and ultimate stress-levels they are currently generating in companies across Canada.

These new protocols might, in part, have the following characteristics:

    Maximum use of existing technology filters at workstations, giving employees some measure
    of control, although this will not stem the flood.

    Introduction of “restricted delivery” periods for e-mails limited to official business urgent
    and necessary.

    Prohibitions of e-mail deliveries in off-hours. This is no different than not calling someone at
    home at night unless it is absolutely necessary.

    “E-mail Culture Training” to equip co-workers with the writing composition skills and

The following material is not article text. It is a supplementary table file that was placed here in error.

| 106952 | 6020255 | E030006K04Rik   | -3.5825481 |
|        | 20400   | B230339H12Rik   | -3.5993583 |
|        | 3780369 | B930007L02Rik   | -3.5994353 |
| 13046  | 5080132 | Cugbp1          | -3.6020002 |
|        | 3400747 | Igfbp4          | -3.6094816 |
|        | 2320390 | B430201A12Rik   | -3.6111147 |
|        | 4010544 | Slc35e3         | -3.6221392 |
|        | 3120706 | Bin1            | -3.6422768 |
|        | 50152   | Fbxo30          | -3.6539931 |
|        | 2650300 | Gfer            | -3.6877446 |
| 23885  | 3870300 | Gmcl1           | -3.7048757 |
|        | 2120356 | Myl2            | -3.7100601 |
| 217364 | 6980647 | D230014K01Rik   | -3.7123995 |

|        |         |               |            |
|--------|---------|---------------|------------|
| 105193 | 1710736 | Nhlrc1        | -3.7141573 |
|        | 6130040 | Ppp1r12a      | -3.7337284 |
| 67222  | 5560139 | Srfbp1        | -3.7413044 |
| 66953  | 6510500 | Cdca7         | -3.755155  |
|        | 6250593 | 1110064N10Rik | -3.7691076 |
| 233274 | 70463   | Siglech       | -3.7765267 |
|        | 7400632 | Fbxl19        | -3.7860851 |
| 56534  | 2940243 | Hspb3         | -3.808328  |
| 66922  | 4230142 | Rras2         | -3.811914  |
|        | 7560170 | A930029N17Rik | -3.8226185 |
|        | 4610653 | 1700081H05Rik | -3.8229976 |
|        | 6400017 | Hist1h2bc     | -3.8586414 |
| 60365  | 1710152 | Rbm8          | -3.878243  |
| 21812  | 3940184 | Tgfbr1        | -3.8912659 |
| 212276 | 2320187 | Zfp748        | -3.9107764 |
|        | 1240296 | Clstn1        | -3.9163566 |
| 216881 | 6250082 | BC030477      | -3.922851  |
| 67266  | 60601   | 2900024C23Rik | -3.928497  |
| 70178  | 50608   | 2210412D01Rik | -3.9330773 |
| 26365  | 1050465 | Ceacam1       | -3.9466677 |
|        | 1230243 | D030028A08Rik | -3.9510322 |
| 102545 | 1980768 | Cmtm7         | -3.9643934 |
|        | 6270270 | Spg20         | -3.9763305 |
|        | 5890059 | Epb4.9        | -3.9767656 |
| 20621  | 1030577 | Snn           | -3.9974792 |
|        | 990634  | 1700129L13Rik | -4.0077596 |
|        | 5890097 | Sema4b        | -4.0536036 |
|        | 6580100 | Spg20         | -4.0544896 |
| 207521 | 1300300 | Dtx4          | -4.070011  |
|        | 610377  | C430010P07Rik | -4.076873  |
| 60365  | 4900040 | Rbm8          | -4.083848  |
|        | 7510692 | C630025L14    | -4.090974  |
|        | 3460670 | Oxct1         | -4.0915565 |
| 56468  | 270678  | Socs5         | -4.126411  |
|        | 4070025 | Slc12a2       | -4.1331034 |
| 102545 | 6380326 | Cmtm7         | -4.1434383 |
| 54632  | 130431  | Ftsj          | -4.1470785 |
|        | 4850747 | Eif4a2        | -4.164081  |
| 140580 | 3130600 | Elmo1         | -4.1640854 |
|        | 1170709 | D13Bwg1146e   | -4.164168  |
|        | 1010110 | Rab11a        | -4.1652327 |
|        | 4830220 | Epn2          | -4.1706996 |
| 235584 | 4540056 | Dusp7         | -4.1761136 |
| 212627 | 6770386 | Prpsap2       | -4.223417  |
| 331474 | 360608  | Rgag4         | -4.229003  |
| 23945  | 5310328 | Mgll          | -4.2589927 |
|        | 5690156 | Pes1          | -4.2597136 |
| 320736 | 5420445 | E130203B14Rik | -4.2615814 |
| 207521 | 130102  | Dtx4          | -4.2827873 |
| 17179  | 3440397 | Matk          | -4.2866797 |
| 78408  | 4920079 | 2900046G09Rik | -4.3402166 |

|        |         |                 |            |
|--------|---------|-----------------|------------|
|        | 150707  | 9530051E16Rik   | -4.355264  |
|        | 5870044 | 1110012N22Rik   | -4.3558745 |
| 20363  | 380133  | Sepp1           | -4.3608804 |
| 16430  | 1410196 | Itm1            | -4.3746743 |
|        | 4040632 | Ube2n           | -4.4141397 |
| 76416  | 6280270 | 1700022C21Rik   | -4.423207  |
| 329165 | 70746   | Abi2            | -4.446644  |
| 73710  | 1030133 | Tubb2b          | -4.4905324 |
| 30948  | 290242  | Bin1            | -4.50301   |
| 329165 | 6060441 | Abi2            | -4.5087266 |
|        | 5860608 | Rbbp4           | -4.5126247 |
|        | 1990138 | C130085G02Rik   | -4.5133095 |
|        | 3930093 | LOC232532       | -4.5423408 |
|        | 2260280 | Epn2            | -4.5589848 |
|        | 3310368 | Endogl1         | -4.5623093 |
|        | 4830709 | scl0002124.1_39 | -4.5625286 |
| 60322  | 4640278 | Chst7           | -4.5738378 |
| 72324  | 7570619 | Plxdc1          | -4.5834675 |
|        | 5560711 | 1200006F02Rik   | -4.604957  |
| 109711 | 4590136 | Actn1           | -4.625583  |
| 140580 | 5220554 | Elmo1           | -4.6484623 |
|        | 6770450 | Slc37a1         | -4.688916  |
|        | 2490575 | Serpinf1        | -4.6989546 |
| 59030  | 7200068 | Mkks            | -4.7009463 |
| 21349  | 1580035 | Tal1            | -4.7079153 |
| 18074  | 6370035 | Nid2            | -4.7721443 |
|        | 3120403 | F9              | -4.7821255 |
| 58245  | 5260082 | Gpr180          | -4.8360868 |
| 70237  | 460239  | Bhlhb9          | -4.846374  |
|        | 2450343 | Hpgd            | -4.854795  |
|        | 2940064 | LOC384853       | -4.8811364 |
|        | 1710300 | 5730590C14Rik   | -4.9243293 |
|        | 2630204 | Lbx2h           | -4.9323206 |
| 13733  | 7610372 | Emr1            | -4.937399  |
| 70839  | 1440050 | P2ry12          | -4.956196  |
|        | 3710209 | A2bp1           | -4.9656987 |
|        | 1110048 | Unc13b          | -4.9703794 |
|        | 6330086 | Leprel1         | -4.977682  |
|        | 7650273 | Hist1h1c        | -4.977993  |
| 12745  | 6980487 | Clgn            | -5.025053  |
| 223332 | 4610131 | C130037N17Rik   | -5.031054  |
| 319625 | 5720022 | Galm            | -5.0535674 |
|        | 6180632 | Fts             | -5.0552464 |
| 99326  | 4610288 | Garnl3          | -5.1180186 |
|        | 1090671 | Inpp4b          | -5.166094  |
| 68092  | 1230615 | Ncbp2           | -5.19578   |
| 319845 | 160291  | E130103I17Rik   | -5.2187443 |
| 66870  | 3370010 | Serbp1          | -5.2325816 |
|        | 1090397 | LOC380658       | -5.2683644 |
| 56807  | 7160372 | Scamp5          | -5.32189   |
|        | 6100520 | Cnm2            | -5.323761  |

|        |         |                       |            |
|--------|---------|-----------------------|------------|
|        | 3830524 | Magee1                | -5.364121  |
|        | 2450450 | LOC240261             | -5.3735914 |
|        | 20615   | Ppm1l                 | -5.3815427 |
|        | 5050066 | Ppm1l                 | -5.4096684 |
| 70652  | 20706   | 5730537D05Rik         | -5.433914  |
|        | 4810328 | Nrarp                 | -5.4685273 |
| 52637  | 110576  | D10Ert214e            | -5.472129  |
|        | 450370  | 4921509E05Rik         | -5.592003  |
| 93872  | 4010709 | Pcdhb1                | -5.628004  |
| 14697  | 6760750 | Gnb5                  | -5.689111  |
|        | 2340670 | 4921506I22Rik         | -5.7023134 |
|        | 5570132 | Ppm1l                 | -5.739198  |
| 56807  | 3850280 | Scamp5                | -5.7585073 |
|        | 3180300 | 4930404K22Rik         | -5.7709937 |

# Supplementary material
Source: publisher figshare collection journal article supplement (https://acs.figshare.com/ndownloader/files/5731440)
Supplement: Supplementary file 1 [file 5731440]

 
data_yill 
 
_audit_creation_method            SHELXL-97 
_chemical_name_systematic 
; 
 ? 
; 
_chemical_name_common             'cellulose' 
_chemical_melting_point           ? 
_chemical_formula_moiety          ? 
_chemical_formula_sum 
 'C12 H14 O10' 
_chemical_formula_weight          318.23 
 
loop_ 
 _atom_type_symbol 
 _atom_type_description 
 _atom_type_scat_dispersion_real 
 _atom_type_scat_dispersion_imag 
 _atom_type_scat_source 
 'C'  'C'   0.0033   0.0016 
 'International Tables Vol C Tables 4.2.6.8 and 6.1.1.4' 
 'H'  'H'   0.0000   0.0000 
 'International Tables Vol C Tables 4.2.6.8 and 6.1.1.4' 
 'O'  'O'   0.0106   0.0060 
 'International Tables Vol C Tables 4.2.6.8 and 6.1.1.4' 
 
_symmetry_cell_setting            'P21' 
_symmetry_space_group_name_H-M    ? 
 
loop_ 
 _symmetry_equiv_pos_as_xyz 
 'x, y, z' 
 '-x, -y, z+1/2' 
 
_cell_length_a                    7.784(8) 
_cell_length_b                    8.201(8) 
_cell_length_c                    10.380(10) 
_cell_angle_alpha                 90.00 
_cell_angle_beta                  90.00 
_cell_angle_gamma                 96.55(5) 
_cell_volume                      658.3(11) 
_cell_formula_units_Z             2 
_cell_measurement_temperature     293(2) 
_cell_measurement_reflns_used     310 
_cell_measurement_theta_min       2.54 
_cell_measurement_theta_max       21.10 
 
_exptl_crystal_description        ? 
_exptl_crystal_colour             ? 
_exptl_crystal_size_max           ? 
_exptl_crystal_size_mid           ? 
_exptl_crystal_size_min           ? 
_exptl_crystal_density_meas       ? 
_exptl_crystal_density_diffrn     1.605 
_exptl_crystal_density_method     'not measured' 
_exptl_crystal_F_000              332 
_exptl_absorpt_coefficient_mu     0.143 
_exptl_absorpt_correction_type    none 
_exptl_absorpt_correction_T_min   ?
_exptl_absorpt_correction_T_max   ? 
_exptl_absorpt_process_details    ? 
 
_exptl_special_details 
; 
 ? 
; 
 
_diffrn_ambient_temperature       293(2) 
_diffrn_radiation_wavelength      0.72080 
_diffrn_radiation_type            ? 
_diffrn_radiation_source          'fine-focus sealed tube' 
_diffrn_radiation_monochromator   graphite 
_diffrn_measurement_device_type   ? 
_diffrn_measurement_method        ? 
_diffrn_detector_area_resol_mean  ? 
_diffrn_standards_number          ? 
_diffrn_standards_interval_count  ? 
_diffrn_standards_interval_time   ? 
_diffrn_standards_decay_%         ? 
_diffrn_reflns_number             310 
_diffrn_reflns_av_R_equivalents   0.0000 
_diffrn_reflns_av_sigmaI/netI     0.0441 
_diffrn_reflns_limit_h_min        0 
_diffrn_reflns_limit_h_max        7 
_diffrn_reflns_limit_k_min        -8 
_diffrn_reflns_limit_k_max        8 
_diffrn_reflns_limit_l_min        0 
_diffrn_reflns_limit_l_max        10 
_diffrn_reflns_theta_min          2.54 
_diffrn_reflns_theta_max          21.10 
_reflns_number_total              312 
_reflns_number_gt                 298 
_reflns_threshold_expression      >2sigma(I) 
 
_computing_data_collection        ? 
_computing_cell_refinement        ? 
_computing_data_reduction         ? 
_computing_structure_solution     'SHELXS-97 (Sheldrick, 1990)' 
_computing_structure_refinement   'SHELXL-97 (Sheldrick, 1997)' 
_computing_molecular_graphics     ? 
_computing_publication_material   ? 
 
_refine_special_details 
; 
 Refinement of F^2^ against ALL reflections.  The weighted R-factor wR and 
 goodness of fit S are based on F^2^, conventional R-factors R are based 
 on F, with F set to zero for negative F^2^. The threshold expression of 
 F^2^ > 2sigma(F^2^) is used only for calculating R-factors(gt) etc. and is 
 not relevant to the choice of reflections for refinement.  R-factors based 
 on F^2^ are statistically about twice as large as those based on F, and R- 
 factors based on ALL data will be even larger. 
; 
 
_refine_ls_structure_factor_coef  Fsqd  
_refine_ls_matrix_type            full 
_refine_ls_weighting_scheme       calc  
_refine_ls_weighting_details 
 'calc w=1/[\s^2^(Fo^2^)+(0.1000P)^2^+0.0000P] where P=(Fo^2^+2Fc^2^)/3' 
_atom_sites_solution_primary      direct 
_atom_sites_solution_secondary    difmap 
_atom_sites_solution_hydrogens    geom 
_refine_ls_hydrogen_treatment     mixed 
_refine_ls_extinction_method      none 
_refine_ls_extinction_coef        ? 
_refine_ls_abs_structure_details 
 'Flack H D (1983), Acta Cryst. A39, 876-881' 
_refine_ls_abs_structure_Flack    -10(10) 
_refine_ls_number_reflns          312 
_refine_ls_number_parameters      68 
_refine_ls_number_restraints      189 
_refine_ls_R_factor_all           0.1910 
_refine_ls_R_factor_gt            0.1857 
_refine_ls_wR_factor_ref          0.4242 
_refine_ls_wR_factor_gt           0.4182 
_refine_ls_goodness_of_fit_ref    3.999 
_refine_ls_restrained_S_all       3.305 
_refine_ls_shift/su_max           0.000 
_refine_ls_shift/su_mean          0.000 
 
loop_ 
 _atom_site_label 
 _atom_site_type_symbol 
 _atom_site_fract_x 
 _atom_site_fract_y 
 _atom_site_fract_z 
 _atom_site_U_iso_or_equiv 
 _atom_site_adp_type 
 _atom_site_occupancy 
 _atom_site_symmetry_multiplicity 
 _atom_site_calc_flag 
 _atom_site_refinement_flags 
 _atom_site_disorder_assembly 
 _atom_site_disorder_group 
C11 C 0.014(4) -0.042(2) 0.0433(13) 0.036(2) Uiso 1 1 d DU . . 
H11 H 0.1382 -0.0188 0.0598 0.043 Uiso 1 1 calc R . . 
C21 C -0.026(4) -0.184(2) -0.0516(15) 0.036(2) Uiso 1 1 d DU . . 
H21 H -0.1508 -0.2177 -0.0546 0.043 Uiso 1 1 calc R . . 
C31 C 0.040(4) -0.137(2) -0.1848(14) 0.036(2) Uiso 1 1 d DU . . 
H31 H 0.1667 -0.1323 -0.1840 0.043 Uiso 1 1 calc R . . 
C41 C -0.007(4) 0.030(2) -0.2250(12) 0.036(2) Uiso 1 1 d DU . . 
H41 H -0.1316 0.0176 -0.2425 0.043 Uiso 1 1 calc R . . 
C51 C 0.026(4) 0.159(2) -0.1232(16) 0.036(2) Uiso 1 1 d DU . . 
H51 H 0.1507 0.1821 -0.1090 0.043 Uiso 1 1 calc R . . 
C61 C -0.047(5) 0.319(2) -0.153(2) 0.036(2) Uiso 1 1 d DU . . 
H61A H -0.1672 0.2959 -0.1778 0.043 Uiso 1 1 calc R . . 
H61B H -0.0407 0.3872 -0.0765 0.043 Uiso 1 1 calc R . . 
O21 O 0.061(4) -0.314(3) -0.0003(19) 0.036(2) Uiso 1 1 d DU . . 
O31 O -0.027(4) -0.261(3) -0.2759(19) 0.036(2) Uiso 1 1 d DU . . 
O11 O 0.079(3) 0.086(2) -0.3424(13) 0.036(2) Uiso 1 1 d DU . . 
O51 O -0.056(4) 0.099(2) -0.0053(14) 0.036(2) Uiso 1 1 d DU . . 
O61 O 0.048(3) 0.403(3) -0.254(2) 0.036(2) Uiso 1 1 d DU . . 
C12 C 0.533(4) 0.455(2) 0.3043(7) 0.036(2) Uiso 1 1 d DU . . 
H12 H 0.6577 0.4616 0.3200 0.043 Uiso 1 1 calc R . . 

insights to use the e-mail more efficiently and selectively without adding to the “relentless
    load” factor now present in most work places.

Similar protocol measures are called for with regard to voice-mail. In both cases, valuable
technology is being wielded by people to frustrate other people. This can contribute to serious
stress-related conditions and, with other pressures, can evolve into morale, absenteeism and
productivity problems.

Step Six – Workable Strategies Are Needed To Accommodate Employees Returning-To-
Work After A Disability Leave For Depression.

•   Returning to work is part of the recovery process.

•   Needed, though, are clear workplace policies, practices, training protocols and the necessary
    professional advice for both employers and employees to accommodate the very particular
    return-to-work requirements of workers disabled by depression and on leave from their job
    for weeks or months.

Action Tool VI

Mental Disability And Return-To-Work

This is a management tool.